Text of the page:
Item #d98mar8

"Reduced Sensitivity of Recent Tree-Growth to Temperature at High Northern Latitudes," K.R. Briffa (Clim. Res. Unit, Univ. E. Anglia, Norwich NR4 7TJ, UK; e-mail:, F.H. Schweingruber et al.,Nature, 391(6668), 678-682, Feb. 12, 1998.

During the second half of this century, decadal-scale trends in wood density and summer temperatures have increasingly diverged. The cause is unknown, but it must be incorporated into dendroclimatic reconstructions as well as estimates of future atmospheric CO2 concentrations based on carbon-cycle models.

Item #d98mar9

"A Road Map for U.S. Carbon Reductions," J. Romm (Office of Energy Efficiency & Renewable Energy, US DOE, Washington DC 20585), M. Levine et al.,Science, 279(5351), 669-670, Jan. 30, 1998.

Identifies technologies with potential for widespread application that could help satisfy the challenging Kyoto agreement. If used in combination with international carbon trading, Americans will not have to reduce their travel, turn down their thermostats, or decrease manufacturing output to meet the nation's carbon reduction goal.

Item #d98mar10

"Changes in the West Antarctic Ice Sheet Since 1963 from Declassified Satellite Photography," R. Bindschadler (Code 971, NASA-Goddard, Greenbelt MD 20771), P. Vornberger,Science, 279(5351), 689-691, Jan. 30, 1998.

Presents observations showing that dramatic changes are occurring in one area of West Antarctica. The results do not resolve the question of the stability of the West Antarctic Ice Sheet, but they show that large changes in ice velocity can occur with even small changes to either external forcings or internal dynamics.

Item #d98mar11

"Tropical Cyclones and Global Climate Change: A Post-IPCC Assessment," A. Henderson-Sellers (Chancellory/R&D, Roy. Melbourne Inst. Technol., POB 71, Bundoora VIC 3083, Australia; e-mail:, H. Zhang et al.,Bull. Amer. Meteor. Soc., 79(1), 19-38, Jan. 1998.

Gives a detailed update of projected trends in tropical cyclones, based on thermodynamic estimation of the "maximum potential intensities" (MPI). Recent studies indicate that the MPI of cyclones will remain the same or undergo a modest increase of up to 10-20%. This predicted change is small compared with observed natural variations, and known omitted factors could operate to mitigate this intensification. Contrary to popular belief, the broad geographic regions affected by tropical cyclones is not expected to change significantly.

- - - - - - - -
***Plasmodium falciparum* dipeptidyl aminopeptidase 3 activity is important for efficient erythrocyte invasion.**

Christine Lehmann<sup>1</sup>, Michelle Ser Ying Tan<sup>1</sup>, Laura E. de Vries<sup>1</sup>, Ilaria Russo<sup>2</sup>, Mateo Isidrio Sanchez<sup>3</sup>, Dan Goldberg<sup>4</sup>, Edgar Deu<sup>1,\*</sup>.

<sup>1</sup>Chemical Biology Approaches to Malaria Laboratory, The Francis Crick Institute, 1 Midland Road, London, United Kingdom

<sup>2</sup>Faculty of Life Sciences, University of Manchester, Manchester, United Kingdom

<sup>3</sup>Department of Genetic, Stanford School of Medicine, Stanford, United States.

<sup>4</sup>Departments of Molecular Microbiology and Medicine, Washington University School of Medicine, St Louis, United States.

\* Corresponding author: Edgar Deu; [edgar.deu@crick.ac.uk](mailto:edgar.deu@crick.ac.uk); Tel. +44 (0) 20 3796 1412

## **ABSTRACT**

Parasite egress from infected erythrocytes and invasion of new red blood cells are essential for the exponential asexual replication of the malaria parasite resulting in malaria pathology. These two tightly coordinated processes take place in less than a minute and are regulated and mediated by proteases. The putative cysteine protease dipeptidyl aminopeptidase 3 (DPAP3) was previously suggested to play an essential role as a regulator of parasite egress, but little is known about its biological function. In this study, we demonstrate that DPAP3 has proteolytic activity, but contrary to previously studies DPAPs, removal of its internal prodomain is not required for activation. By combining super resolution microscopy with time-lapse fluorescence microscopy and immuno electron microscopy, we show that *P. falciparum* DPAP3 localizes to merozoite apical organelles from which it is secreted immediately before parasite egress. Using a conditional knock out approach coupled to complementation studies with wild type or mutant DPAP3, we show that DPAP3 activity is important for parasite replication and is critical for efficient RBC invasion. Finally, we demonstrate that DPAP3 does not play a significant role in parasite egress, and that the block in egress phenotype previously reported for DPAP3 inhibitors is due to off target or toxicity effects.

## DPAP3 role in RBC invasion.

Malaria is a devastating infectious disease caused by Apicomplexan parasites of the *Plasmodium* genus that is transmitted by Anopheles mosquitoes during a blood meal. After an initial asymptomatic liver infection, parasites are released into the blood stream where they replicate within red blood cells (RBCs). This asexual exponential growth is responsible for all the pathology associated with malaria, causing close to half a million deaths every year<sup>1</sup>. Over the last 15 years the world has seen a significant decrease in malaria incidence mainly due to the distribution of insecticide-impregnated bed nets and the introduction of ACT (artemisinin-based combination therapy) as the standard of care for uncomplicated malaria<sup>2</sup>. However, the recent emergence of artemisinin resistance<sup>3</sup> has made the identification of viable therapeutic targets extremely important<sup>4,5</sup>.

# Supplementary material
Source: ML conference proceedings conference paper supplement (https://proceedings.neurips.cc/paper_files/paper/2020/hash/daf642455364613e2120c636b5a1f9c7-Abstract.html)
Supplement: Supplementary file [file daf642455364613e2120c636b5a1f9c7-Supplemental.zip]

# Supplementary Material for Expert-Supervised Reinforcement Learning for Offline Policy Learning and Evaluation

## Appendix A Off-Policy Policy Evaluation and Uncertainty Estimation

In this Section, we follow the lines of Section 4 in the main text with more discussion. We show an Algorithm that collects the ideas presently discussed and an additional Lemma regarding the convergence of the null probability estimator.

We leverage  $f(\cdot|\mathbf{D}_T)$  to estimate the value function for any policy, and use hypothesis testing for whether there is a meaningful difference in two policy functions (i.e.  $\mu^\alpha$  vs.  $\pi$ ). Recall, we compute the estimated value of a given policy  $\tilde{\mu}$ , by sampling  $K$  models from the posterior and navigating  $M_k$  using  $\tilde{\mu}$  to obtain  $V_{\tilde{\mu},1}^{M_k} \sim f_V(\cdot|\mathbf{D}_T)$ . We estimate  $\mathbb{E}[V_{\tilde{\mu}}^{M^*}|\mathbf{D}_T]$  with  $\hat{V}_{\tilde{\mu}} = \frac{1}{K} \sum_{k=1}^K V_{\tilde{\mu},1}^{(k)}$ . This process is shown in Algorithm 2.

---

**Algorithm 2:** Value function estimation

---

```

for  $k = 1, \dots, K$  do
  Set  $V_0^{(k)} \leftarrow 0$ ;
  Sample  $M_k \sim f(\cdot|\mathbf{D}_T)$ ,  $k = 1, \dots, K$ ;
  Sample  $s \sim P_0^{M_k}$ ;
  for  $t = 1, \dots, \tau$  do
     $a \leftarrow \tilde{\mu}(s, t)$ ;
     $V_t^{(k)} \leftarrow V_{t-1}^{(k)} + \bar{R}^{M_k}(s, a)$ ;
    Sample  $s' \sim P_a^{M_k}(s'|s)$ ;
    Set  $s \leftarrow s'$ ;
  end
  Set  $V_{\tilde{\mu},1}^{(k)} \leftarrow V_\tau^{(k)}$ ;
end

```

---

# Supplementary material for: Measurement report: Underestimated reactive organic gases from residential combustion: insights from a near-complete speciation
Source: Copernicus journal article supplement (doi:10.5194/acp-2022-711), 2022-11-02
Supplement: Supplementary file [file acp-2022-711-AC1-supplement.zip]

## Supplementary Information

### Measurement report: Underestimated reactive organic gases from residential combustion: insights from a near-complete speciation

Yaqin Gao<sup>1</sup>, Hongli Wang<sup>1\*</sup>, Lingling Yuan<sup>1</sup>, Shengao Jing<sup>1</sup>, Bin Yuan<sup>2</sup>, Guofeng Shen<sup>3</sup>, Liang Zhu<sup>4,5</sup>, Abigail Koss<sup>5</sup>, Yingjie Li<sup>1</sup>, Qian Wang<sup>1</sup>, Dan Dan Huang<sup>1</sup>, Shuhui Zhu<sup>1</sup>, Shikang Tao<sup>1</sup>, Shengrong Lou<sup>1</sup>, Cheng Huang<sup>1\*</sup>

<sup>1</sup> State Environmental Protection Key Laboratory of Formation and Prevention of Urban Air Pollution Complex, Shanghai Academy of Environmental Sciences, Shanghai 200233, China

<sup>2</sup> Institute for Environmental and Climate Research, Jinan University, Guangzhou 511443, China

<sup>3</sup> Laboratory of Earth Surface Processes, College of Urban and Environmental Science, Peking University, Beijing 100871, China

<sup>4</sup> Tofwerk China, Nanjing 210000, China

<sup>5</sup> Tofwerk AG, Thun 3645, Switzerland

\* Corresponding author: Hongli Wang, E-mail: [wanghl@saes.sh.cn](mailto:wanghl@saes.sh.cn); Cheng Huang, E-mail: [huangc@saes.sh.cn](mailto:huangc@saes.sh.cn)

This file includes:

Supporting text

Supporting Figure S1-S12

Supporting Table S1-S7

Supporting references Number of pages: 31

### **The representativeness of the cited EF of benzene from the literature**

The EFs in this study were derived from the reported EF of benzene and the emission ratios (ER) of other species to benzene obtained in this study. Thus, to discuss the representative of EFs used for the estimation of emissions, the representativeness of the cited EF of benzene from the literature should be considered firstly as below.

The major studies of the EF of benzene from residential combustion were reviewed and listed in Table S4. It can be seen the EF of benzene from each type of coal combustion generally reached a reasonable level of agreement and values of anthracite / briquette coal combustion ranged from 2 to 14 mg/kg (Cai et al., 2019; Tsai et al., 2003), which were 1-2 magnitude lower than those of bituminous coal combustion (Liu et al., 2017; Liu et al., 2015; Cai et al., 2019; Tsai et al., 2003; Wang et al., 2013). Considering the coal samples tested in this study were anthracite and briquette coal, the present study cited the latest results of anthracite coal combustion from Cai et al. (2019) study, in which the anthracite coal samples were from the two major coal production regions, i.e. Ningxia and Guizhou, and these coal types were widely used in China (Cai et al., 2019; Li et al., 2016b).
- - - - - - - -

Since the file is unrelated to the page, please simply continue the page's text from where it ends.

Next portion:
Item #d98mar12

"The Pros and Cons of Carbon Dioxide Dumping," C. Hanisch (Nashville, Tenn.),Environ. Sci. & Technol., 32(1), 20A-24A, Jan. 1, 1998. The complete article is also available on this Web site:

Discusses current views on, and experiments with large-scale sequestration of CO2 in the ocean or underground, a controversial approach to climate change mitigation.

Item #d98mar13

"On the Difference in Impact of Two Almost Identical Climate Scenarios," R.S.J. Tol (Inst. Environ. Studies, Vrije Univ., De Boelelaan 1115, 1081 HV Amsterdam, The Neth.; e-mail:,Energy Policy, 26(1), 13-20, Jan. 1998.

Focuses on the differences in impacts of climate change for alternative scenarios of climate stabilization, which have been largely ignored in previous studies. Shows that no stabilization path is unambiguously preferred, although over most of the assumption space explored, there appears to be a preference for earlier reduction of greenhouse gases.

Item #d98mar14

"A General Model for CO2 Regulation: The Case of Denmark," G.T. Svendsen (Dept. Econ., Aarhus Sch. Business, Fuglesangs Allé 20, 8210 Aarhus V, Denmark; e-mail: GTS@HHA.DK), Energy Policy, 26(1), 33-44, Jan. 1998.

Uses the case of Denmark to show that a mixed design of permit market, bubbles and tax may be preferable for national CO2 regulation, for economic, political, and administrative reasons.

Item #d98mar15

"The Kyoto Negotiations on Climate Change: A Science Perspective," B. Bolin (Dept. Meteor., Univ. Stockholm, 106 91 Stockholm, Swed.; e-mail:,Science, 279(5349), 330-331, Jan. 16, 1998.

The past chairman of the IPCC analyzes the Kyoto agreements in terms of the IPCC's climate change assessments. Comments on targets and timetables, atmospheric CO2 levels, sources and sinks, and tradable emission permits. Concludes that the conference did not achieve much with regard to limiting the buildup of greenhouse gases; only with new cooperation among countries will it represent a step toward the ultimate objective of the climate convention.

Item #d98mar16

"Growth of Fluoroform (CHF3, HFC-23) in the Background Atmosphere," D.E. Oram (Sch. Environ. Sci., Univ. E. Anglia, Norwich NR4 7TJ, UK; e-mail:, W.T. Sturges et al.,Geophys. Res. Lett., 25(1), 35-38, Jan. 1, 1998.

Presents the first assessment of this important, unregulated greenhouse gas, which is increasing in the atmosphere at a rate of 5% per year. It has a long atmospheric lifetime, and its cumulative emissions through 1995 have a global warming equivalent to 1.6 billion tons of CO2.